After opening remarks from U.N. Secretary-General Antonio Guterres, those gathered for the annual meeting will hear from a group that includes U.S. President Donald Trump, Turkish President Recep Tayyip Erdogan, Korean President Moon Jae-in and French President Emmanuel Macron.

The addresses come a day after Swedish teen activist Greta Thunberg scolded world leaders at a U.N. summit calling for climate action, saying people are suffering and dying from the effects of global warming and that all the leaders have are empty words. 

“We are in [the] beginning of a mass extinction and all you can talk about is money,” said Thunberg, who ignited a youth movement with her Friday school strikes for climate action.

She said the science has been clear for 30 years, and still they are not doing enough. 

“You are failing us! But the young people are starting to understand your betrayal,” Thunberg said in a voice filled with emotion. “The eyes of all future generations are upon you. And if you choose to fail us, I say we will never forgive you.”

The 16-year-old warned the more than 60 presidents and prime ministers gathered in the General Assembly hall for the summit that the youth would not let them “get away with this.” She said they draw the line here and now and “change is coming,” whether they like it or not.

Swedish climate activist Greta Thunberg speaks with other child petitioners from 12 countries who presented a landmark complaint to protest the lack of government action on the climate crisis during a press conference in New York, Sept. 23, 2019.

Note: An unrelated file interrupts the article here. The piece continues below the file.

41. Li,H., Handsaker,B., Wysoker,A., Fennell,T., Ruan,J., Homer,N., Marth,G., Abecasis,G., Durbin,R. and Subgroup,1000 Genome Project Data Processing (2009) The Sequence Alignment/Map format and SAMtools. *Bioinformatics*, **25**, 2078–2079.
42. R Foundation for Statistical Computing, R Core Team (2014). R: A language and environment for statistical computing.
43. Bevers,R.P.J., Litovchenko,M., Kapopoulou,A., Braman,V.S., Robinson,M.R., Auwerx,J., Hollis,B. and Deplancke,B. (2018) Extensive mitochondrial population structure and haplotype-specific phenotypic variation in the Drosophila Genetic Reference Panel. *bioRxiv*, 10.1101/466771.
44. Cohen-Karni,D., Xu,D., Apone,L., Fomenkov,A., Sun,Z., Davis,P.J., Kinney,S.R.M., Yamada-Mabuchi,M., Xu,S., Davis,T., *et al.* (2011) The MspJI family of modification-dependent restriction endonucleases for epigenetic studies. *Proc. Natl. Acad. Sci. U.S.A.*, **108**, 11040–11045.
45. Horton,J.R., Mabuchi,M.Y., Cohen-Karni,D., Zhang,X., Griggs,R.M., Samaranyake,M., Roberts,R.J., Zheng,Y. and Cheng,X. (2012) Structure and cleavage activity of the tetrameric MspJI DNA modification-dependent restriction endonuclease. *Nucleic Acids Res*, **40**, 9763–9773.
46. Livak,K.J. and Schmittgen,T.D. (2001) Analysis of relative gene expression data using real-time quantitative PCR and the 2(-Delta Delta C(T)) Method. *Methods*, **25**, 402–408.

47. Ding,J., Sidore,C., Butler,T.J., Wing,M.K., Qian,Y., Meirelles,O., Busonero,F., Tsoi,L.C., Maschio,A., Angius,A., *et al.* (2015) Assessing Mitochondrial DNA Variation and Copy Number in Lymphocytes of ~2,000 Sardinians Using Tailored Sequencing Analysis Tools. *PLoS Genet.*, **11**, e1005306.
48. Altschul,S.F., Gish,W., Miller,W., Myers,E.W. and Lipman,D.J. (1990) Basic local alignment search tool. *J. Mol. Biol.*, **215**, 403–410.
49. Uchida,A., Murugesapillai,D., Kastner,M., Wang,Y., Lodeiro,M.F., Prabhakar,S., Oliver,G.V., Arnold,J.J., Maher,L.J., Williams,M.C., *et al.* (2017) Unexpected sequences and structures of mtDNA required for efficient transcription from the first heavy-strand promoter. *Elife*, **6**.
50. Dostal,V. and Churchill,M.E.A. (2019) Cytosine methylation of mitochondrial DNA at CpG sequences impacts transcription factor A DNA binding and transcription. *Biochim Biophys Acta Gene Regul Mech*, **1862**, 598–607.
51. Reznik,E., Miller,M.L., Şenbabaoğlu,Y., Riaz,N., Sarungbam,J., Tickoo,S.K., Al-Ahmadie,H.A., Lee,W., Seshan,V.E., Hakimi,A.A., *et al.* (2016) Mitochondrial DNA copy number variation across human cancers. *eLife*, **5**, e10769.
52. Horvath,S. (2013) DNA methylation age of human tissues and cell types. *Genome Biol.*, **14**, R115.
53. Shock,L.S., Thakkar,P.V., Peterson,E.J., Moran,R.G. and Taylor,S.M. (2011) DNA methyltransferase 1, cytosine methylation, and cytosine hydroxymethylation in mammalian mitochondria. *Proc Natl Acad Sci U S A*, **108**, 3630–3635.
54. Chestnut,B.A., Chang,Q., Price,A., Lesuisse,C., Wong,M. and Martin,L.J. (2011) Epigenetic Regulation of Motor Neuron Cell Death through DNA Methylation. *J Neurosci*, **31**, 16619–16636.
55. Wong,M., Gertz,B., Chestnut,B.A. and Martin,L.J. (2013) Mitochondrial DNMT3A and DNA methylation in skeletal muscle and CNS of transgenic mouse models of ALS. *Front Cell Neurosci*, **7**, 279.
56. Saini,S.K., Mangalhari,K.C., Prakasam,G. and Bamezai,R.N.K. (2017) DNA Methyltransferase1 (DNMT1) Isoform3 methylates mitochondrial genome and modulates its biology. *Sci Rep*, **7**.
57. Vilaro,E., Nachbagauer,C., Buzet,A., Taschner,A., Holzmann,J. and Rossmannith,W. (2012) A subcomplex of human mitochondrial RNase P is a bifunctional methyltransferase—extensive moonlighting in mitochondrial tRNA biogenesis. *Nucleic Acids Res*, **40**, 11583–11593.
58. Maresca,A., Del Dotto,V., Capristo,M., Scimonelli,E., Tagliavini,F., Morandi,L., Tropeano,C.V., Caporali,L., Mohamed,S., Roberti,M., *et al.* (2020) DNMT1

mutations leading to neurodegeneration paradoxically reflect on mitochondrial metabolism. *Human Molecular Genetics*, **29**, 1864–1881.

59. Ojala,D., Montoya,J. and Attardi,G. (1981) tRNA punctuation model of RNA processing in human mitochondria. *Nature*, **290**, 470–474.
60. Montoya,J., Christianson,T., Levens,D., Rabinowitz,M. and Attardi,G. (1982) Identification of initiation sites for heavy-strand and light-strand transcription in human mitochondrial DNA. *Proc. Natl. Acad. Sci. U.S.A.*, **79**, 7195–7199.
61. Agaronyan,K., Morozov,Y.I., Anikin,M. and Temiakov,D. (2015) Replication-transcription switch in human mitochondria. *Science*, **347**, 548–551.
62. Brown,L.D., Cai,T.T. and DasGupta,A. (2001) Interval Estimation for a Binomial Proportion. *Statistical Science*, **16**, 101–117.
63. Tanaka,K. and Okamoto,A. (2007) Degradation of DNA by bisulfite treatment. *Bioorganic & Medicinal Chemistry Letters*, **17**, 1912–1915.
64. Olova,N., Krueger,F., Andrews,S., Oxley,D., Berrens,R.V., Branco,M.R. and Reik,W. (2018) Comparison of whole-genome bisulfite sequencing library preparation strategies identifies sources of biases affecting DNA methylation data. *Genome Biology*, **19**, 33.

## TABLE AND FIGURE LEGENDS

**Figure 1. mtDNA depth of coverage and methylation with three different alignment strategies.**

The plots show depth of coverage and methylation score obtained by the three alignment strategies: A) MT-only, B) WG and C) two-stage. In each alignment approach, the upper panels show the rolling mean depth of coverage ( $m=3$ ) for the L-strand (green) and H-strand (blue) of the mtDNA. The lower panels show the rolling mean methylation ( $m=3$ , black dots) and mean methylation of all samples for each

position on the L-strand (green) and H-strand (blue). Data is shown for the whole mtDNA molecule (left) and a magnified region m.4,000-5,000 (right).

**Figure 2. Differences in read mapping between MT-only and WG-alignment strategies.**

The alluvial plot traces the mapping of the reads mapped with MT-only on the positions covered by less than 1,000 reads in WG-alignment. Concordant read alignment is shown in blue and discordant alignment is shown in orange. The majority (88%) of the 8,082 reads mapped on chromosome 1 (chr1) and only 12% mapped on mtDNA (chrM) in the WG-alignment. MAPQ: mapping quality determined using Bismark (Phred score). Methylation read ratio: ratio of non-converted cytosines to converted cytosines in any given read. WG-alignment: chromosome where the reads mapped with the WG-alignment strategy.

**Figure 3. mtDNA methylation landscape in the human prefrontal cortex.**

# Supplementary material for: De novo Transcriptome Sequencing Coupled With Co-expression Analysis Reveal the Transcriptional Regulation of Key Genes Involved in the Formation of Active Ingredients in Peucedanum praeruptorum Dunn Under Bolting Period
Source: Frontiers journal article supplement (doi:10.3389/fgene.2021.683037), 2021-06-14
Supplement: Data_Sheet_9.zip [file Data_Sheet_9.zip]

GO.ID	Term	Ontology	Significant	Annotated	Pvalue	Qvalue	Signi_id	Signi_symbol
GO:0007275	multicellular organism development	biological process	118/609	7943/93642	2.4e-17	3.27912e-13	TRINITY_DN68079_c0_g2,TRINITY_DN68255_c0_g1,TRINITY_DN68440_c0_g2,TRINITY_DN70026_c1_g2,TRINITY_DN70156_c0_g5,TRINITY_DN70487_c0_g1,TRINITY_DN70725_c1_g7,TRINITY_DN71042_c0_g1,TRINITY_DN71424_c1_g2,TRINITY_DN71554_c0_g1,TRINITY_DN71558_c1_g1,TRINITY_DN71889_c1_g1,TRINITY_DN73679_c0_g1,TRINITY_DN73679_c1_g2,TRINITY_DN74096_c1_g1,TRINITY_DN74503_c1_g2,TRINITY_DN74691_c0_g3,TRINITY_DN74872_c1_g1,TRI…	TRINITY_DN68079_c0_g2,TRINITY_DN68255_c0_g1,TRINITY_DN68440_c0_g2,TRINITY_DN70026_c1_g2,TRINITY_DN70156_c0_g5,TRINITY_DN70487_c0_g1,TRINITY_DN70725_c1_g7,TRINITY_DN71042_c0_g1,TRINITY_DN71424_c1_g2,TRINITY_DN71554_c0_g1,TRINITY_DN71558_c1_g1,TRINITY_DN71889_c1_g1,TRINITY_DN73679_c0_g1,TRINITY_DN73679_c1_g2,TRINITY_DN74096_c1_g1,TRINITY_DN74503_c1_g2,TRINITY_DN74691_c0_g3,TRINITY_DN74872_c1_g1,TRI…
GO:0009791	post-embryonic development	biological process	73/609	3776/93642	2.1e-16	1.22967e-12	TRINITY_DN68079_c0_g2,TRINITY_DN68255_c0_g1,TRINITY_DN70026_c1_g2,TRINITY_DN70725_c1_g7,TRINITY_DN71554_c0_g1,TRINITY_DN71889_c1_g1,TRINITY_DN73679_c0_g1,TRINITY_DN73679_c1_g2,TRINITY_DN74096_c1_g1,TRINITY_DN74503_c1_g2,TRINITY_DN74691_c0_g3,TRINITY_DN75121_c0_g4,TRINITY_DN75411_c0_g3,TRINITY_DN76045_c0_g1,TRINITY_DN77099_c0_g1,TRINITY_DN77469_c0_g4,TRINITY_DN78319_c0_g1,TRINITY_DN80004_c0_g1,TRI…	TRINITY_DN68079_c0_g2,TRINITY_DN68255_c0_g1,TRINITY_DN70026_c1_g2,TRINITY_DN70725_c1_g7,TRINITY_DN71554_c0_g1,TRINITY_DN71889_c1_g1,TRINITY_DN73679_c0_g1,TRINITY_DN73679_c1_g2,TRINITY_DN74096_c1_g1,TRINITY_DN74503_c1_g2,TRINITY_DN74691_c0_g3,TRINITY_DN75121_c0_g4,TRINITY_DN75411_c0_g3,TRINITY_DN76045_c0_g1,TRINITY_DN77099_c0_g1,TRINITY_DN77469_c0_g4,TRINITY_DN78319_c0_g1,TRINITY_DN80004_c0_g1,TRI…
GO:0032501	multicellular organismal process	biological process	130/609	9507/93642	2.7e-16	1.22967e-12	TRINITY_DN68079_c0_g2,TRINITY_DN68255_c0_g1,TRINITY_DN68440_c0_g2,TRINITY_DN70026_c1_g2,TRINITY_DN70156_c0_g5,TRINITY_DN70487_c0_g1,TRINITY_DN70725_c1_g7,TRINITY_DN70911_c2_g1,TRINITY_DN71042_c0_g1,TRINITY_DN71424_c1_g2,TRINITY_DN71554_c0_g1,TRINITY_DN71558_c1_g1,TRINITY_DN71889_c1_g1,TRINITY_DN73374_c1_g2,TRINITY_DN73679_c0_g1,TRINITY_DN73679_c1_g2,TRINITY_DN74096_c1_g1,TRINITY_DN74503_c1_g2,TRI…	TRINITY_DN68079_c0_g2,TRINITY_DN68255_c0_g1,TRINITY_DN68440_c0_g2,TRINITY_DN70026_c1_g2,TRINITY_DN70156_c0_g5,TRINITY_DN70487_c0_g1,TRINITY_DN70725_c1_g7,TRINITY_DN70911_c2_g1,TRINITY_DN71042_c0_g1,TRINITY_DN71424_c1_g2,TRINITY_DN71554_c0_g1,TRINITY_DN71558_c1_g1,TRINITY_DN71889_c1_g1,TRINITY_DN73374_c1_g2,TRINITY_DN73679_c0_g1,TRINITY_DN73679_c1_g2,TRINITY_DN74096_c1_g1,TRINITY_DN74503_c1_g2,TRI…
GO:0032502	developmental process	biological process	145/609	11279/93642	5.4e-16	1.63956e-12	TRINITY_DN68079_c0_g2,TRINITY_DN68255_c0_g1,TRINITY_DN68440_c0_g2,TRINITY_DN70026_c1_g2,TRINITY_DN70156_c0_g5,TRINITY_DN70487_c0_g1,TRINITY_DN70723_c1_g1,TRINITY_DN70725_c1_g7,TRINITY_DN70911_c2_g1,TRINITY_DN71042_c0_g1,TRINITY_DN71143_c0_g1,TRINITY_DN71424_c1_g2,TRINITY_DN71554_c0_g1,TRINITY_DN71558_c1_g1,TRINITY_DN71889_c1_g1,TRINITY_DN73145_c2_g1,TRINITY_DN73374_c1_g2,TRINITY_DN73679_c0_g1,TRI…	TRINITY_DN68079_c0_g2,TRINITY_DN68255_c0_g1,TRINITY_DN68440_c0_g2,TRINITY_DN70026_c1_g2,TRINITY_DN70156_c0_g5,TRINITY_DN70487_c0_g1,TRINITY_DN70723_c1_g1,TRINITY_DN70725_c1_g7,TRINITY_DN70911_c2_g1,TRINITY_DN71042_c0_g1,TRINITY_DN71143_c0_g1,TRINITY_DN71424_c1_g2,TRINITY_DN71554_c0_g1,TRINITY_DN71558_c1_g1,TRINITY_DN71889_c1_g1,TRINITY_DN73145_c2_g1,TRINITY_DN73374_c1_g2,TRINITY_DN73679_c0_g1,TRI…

“My generation has failed in its responsibility to protect our planet,” Guterres said. “That must change.”

Guterres has called for the phasing out of fossil fuels and an end to construction of new coal power plants. 

“Is it common sense to build ever more coal plants that are choking our future?” the secretary-general asked. “Is it common sense to reward pollution that kills millions with dirty air and makes it dangerous for people in cities around the world to sometimes even venture out of their homes?” 

He said it is time to end subsidies to the fossil fuel industry and shift taxes from salaries to carbon – taxing pollution, not people.

The U.N. chief has sought to highlight the importance of the summit and challenged leaders to “come with concrete plans” and not just “beautiful speeches,” which some outlined Monday.

India, which has one of the world’s highest levels of air pollution, said it would increase its renewable energy capacity to 175 gigawatts by 2022. Prime Minister Narendra Modi highlighted his country’s expansion into solar energy.